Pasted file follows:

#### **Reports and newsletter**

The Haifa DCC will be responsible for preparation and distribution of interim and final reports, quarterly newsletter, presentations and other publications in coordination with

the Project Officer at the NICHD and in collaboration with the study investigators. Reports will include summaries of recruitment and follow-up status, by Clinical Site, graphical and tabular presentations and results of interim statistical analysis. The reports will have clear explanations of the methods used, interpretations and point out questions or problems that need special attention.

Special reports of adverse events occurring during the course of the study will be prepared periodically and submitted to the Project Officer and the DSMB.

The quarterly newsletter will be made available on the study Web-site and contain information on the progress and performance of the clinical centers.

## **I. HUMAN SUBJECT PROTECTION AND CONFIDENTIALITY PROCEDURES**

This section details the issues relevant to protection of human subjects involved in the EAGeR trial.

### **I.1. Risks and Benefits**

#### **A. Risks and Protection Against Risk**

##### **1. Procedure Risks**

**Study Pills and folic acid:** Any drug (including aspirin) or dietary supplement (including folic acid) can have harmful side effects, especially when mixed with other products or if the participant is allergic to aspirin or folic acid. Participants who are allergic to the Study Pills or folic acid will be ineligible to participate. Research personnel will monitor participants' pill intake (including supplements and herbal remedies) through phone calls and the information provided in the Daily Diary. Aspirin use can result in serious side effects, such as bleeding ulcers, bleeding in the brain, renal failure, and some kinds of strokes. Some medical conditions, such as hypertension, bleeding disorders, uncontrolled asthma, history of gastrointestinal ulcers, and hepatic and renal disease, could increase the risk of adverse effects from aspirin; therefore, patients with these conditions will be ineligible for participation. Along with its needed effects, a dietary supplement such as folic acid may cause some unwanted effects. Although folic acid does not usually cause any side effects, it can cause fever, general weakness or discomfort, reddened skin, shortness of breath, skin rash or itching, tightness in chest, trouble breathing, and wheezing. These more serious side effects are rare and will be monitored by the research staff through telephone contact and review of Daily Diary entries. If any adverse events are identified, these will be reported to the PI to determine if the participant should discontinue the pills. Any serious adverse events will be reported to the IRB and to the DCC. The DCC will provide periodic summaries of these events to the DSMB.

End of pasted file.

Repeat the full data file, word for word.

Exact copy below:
#### **Reports and newsletter**

The Haifa DCC will be responsible for preparation and distribution of interim and final reports, quarterly newsletter, presentations and other publications in coordination with

the Project Officer at the NICHD and in collaboration with the study investigators. Reports will include summaries of recruitment and follow-up status, by Clinical Site, graphical and tabular presentations and results of interim statistical analysis. The reports will have clear explanations of the methods used, interpretations and point out questions or problems that need special attention.

Special reports of adverse events occurring during the course of the study will be prepared periodically and submitted to the Project Officer and the DSMB.

The quarterly newsletter will be made available on the study Web-site and contain information on the progress and performance of the clinical centers.

## **I. HUMAN SUBJECT PROTECTION AND CONFIDENTIALITY PROCEDURES**

This section details the issues relevant to protection of human subjects involved in the EAGeR trial.

### **I.1. Risks and Benefits**

#### **A. Risks and Protection Against Risk**

##### **1. Procedure Risks**

**Study Pills and folic acid:** Any drug (including aspirin) or dietary supplement (including folic acid) can have harmful side effects, especially when mixed with other products or if the participant is allergic to aspirin or folic acid. Participants who are allergic to the Study Pills or folic acid will be ineligible to participate. Research personnel will monitor participants' pill intake (including supplements and herbal remedies) through phone calls and the information provided in the Daily Diary. Aspirin use can result in serious side effects, such as bleeding ulcers, bleeding in the brain, renal failure, and some kinds of strokes. Some medical conditions, such as hypertension, bleeding disorders, uncontrolled asthma, history of gastrointestinal ulcers, and hepatic and renal disease, could increase the risk of adverse effects from aspirin; therefore, patients with these conditions will be ineligible for participation. Along with its needed effects, a dietary supplement such as folic acid may cause some unwanted effects. Although folic acid does not usually cause any side effects, it can cause fever, general weakness or discomfort, reddened skin, shortness of breath, skin rash or itching, tightness in chest, trouble breathing, and wheezing. These more serious side effects are rare and will be monitored by the research staff through telephone contact and review of Daily Diary entries. If any adverse events are identified, these will be reported to the PI to determine if the participant should discontinue the pills. Any serious adverse events will be reported to the IRB and to the DCC. The DCC will provide periodic summaries of these events to the DSMB.